As their powers collided, the candles in the room were extinguished. The fire in the grate flickered and died, plunging the room into darkness.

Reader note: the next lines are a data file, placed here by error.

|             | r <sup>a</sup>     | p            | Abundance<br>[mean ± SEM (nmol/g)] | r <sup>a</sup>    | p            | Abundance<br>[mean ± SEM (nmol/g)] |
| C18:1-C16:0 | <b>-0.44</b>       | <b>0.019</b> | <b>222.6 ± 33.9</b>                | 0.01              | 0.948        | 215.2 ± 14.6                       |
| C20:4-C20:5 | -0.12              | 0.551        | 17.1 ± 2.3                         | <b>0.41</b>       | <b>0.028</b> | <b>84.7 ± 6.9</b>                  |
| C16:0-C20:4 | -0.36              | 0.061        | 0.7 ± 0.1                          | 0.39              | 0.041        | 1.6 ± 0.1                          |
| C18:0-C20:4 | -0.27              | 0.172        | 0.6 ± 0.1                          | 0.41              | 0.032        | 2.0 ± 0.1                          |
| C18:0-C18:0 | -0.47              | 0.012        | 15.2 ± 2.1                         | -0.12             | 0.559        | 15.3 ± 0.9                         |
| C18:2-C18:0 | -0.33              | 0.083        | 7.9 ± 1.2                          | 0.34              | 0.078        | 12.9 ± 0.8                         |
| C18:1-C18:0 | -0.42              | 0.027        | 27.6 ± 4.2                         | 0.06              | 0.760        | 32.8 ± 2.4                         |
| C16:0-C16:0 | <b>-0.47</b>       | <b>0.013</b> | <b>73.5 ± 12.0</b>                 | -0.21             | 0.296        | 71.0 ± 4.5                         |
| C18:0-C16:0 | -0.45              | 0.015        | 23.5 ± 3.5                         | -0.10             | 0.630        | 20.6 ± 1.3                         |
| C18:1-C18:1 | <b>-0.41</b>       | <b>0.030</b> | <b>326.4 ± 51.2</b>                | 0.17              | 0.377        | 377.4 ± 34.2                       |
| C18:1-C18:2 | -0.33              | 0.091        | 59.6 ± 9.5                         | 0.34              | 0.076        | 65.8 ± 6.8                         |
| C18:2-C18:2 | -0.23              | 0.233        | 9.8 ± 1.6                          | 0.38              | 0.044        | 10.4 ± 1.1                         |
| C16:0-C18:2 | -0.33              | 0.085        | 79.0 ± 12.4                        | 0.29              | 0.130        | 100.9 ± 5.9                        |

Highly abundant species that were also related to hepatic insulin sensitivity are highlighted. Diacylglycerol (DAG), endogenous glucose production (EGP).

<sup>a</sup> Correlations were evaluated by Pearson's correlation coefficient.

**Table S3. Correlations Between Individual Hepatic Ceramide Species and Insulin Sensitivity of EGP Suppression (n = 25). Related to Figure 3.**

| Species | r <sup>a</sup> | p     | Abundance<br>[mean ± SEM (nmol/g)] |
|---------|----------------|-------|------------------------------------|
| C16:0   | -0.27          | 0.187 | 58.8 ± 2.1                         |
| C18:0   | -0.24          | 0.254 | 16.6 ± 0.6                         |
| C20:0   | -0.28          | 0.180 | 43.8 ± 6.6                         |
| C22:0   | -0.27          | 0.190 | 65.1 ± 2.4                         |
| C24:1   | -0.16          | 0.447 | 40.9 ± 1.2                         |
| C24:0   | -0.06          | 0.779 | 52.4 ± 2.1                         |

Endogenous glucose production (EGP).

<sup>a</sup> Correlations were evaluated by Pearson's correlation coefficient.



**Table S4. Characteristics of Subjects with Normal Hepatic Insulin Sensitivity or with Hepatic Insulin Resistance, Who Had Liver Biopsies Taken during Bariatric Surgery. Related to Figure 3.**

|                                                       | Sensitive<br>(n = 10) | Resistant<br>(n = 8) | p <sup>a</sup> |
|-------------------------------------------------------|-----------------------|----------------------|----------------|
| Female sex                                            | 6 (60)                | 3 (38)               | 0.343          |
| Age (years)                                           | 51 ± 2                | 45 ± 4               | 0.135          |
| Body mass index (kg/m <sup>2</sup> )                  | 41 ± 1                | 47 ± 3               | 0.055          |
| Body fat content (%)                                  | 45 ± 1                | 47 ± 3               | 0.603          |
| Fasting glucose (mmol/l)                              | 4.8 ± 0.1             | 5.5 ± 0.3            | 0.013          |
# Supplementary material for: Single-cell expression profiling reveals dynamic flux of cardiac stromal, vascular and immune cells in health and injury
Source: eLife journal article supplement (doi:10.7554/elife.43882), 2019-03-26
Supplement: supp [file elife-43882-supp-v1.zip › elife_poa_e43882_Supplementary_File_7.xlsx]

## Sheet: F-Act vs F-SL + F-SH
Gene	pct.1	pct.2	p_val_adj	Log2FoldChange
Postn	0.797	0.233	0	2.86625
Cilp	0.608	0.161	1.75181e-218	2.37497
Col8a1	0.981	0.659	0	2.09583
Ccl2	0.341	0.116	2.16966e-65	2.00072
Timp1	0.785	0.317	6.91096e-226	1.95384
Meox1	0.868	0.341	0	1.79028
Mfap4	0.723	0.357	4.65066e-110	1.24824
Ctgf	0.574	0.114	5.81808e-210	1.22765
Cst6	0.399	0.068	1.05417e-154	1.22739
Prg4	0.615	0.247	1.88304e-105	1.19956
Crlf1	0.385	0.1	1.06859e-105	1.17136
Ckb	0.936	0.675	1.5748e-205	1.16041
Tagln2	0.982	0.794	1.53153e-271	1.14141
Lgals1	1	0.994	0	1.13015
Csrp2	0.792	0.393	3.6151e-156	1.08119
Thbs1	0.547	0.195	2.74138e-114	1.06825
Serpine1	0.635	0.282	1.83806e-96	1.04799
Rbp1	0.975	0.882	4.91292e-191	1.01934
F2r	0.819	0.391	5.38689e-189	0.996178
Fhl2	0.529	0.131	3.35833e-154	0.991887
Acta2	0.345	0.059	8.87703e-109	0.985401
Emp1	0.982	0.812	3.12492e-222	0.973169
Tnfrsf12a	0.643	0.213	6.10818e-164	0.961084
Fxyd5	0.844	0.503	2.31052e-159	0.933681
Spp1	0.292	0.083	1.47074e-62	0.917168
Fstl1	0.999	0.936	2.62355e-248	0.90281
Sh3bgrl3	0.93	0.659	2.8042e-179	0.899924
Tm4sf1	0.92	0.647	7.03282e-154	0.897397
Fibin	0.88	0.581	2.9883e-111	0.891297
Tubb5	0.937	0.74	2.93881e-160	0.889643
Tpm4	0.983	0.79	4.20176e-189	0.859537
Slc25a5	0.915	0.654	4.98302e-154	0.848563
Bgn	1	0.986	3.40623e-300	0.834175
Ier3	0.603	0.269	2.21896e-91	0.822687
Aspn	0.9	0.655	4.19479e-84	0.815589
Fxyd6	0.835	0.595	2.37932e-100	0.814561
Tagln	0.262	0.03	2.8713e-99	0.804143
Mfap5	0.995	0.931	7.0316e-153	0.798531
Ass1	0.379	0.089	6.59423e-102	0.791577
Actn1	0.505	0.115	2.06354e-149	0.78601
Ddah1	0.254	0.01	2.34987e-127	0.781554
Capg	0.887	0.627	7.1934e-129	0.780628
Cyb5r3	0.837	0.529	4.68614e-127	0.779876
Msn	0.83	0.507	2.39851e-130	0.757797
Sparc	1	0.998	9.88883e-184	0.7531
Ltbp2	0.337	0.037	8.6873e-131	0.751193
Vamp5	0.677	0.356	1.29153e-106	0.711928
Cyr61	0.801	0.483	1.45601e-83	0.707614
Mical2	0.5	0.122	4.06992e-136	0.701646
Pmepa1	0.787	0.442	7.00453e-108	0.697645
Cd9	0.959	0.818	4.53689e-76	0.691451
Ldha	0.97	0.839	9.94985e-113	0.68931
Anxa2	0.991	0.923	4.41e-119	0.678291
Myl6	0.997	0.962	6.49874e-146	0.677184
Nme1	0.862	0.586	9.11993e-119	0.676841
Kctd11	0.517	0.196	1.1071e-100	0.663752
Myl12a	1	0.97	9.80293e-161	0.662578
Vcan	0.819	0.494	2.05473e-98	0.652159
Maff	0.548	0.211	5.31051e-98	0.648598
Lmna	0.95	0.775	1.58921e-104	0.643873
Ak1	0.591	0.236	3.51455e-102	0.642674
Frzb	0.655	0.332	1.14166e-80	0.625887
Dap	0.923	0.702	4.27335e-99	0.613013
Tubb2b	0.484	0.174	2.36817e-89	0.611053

When the Heavens Fall is a debut novel and reads as one. While many aspects of the storytelling are not well executed, the book as a whole manages to stand decently and more, show that there is actually a lot of potential here. During this reading experience, you get a sense of the author’s attempts at humour which sometimes works well and others… not so much. In addition to the somewhat successful and occasional use of humour, it is noteworthy that the language used by Marc Turner in his paragraphs is – mostly – fitting to the style I would expect from a fantasy novel. In these two regards, I can see how Marc Turner has true potential as an author after gaining some writing experience in his genre. Despite the combination of the decent humour and the appropriate writing style, the author’s narration was faulty in many respects. It is over-explaining which to a non-novice fantasy reader feels too simplistic as it doesn’t challenge you to think of the plot and critically proceed with your reading. It is just too easy, which in my case worked as a disadvantage, but this book could be a great reference for people who are new to the fantasy genre. I do not like to be told why things happened and I do not appreciate when a character explains what went down to make sure I’m following; you write your book in an intelligent and cohesive manner and I’m sure I will be able to figure out everything you are trying to convey to me. Yet another bad choice was the use of short pieces from various point of views in sequence to provide the unravelling of the plot. On Steven Erikson’s exemplar, he manages to pull it off with such a success that sends waves of awe to his reader. Marc Turner’s scattered sequential pieces did not manage to impress and rather tremendously hindered his end result in terms of character development and world-building. There is this point in the beginning of every story when you start to warm up to the characters and begin to have a sense of the imaginary, fantastical world. In When the Heavens Fall, you are left with an utterly incomplete relationship with the protagonists and a vague concept of the setting.